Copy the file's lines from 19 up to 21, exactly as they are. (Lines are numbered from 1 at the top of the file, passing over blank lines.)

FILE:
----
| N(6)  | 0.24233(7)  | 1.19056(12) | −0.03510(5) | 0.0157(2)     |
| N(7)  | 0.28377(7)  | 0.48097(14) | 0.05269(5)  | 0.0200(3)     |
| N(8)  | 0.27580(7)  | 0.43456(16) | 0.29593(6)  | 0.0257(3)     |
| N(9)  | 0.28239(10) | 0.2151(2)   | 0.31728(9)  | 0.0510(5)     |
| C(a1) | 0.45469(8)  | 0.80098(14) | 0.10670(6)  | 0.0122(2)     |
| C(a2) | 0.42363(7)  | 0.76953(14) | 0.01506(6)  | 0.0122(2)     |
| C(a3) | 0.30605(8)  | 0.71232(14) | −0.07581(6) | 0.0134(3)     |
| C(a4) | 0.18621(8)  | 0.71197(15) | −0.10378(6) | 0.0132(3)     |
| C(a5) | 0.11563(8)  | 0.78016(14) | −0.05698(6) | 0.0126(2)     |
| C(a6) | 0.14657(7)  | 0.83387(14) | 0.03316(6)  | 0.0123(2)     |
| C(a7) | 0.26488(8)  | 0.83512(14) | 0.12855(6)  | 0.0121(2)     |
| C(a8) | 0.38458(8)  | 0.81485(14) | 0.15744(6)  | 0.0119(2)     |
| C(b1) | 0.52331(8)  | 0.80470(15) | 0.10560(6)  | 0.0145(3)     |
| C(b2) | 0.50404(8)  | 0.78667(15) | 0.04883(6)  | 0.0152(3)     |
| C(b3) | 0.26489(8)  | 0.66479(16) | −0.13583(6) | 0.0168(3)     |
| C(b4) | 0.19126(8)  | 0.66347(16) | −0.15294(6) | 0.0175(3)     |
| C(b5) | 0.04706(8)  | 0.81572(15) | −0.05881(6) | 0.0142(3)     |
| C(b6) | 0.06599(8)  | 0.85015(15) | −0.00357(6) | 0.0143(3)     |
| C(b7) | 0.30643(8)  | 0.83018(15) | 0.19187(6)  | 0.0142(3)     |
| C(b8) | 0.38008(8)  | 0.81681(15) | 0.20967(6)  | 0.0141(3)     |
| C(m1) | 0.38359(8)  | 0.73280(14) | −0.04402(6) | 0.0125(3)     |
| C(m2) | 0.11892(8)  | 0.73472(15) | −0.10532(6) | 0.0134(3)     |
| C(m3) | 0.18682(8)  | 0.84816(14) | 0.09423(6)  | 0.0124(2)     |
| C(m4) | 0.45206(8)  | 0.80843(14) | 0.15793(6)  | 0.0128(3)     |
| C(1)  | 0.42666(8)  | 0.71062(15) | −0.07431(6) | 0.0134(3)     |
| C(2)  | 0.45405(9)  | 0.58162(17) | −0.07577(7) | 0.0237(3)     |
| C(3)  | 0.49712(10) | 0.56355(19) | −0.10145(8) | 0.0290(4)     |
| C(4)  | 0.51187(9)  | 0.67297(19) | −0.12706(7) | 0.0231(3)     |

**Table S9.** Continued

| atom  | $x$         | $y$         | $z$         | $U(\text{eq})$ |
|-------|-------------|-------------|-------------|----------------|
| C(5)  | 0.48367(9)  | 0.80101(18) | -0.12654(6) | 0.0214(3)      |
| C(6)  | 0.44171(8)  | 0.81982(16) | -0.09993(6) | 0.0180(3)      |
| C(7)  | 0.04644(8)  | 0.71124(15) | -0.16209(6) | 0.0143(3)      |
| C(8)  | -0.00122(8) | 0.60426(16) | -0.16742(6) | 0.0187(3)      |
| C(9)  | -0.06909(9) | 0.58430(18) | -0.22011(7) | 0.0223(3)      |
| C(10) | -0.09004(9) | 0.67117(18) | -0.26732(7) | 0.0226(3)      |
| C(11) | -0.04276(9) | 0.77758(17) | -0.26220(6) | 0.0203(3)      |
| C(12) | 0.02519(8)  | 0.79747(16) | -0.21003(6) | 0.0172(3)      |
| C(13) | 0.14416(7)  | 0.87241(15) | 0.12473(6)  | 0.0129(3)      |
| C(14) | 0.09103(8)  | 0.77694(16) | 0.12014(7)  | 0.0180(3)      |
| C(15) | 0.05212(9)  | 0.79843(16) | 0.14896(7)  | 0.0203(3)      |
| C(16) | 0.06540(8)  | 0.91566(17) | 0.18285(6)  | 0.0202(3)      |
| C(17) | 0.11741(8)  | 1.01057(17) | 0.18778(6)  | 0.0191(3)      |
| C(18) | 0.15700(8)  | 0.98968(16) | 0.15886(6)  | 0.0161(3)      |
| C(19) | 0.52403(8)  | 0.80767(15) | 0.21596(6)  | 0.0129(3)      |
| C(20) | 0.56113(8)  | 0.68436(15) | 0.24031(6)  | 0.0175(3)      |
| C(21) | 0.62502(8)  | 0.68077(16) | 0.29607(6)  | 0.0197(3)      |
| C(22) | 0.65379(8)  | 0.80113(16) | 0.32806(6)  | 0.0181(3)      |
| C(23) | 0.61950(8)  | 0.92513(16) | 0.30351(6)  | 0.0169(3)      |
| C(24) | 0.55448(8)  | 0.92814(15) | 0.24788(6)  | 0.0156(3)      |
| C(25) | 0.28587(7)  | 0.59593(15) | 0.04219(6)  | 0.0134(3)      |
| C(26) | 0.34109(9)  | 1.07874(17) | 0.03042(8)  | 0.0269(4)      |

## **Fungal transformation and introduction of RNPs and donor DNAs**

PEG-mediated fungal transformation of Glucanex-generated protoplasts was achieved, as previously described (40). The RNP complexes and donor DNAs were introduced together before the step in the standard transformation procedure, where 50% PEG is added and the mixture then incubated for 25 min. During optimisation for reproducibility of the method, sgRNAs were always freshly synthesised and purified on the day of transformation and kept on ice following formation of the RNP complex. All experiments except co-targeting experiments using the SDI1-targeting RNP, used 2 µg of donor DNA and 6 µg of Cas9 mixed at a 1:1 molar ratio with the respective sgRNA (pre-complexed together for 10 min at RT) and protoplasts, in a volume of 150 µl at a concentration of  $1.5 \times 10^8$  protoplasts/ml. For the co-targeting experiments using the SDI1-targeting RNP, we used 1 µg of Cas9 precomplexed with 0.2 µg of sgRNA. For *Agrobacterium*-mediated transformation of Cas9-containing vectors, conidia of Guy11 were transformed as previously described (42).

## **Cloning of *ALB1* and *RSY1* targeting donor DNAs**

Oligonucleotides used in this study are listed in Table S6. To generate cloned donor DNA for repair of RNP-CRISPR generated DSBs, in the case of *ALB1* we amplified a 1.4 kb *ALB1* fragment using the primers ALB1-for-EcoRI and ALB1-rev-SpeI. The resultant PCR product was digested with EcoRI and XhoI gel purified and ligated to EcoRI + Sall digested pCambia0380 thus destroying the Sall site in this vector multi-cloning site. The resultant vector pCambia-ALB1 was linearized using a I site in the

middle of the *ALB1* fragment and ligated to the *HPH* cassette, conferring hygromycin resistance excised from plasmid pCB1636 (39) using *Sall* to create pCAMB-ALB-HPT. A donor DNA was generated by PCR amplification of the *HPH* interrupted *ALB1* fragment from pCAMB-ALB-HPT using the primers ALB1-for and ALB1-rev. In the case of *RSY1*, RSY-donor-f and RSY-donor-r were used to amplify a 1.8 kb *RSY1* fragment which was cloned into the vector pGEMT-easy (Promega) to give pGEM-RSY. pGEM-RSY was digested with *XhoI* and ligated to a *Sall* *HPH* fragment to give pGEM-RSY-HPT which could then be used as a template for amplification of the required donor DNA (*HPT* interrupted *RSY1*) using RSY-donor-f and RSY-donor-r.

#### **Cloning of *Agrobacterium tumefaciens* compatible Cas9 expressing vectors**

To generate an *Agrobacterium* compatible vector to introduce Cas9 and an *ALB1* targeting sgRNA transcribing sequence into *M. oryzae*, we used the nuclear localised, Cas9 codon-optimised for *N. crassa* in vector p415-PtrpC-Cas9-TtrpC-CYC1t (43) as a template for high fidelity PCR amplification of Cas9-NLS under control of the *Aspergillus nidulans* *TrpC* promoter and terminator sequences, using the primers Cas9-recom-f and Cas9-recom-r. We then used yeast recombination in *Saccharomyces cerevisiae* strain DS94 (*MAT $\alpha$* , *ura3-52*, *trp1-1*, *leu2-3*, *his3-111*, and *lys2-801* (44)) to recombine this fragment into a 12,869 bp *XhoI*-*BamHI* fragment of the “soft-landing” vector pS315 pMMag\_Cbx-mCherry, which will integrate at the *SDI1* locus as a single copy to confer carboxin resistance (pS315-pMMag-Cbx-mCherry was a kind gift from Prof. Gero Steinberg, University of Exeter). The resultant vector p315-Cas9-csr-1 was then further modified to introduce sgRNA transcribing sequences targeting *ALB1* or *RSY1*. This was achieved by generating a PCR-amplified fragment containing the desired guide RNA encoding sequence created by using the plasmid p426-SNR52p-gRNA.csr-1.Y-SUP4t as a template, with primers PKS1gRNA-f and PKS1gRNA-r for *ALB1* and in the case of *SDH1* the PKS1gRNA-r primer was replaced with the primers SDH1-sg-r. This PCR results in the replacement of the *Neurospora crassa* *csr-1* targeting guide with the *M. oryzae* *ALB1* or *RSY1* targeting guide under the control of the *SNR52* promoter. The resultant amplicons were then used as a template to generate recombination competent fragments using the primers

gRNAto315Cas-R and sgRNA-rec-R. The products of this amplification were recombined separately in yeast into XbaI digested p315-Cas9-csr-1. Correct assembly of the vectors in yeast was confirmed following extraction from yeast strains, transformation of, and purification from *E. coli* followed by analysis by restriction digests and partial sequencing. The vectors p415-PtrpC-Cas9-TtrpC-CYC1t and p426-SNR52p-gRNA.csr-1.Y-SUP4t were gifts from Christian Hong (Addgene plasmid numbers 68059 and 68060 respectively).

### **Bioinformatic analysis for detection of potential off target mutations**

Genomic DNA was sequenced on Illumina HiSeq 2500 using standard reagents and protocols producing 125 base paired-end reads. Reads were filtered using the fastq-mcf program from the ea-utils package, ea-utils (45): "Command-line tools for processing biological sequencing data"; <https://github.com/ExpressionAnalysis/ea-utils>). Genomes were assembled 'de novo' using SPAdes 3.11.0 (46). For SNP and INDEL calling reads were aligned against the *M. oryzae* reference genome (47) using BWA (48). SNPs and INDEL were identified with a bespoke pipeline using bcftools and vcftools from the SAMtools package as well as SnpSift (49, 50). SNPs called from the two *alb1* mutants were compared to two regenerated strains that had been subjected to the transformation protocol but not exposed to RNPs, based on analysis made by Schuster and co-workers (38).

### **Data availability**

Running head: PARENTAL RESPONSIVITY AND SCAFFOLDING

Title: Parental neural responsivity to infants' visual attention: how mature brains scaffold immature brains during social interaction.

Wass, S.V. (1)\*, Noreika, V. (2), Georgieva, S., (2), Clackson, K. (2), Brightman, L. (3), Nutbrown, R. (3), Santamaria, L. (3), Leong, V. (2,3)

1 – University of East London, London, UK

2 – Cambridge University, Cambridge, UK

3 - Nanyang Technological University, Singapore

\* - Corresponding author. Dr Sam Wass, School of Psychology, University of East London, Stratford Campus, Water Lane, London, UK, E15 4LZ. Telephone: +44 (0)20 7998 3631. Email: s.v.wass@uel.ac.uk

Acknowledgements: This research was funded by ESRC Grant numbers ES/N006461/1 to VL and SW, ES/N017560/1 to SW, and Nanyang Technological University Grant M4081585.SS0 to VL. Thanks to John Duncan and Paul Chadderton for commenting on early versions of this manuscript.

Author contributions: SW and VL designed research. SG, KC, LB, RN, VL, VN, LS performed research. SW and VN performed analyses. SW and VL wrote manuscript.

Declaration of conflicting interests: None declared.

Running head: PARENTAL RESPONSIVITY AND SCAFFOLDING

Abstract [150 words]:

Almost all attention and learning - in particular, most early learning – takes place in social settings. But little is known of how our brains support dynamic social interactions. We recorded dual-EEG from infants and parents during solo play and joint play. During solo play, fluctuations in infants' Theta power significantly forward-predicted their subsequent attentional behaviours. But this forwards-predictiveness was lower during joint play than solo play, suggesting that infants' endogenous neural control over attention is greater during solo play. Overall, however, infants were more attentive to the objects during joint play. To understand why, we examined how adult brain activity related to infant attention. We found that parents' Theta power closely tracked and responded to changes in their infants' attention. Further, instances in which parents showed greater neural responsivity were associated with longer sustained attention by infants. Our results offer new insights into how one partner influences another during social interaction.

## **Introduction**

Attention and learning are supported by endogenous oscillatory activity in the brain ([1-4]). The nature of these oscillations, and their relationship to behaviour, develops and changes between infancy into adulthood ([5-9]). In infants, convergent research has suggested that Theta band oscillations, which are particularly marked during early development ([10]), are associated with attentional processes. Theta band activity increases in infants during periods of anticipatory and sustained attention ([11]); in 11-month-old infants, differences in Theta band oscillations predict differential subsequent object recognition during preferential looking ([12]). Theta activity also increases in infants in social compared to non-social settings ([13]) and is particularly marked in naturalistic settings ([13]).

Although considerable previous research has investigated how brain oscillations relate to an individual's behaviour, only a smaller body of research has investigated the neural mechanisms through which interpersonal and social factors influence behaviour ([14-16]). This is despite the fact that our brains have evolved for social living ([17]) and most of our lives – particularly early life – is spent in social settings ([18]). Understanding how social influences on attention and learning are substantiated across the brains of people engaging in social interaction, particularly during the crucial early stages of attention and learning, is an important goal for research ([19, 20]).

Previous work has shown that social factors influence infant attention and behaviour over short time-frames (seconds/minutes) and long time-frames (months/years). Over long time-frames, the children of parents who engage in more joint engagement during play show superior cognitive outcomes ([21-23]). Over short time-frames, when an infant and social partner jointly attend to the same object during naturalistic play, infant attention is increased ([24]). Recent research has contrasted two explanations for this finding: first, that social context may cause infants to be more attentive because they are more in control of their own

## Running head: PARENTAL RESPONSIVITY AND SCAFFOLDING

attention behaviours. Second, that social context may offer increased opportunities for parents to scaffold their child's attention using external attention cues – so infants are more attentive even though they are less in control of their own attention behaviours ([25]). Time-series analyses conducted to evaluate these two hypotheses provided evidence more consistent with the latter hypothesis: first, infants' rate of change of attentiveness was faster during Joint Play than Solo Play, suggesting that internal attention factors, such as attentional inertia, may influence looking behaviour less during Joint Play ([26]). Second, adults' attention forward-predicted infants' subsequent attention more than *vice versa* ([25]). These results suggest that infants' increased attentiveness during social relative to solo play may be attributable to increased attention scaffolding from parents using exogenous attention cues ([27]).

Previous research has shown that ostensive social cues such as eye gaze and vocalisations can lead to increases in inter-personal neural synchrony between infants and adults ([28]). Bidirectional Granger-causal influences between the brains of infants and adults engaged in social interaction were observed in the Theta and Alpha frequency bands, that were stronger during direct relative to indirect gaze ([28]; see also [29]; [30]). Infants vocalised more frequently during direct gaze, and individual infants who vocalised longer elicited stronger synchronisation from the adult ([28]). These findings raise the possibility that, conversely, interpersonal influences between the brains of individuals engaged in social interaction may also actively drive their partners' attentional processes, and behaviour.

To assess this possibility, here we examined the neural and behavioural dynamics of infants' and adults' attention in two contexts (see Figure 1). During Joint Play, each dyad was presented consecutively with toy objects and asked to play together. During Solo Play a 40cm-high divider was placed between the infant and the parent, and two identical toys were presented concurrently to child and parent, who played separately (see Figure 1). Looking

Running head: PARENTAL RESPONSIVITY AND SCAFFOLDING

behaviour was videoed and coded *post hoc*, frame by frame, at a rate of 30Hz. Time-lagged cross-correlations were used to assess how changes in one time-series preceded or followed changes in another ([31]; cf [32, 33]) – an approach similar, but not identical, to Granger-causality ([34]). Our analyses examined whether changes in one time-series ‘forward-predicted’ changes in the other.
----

| C(b7) | 0.30643(8)  | 0.83018(15) | 0.19187(6)  | 0.0142(3)     |
| C(b8) | 0.38008(8)  | 0.81681(15) | 0.20967(6)  | 0.0141(3)     |
| C(m1) | 0.38359(8)  | 0.73280(14) | −0.04402(6) | 0.0125(3)     |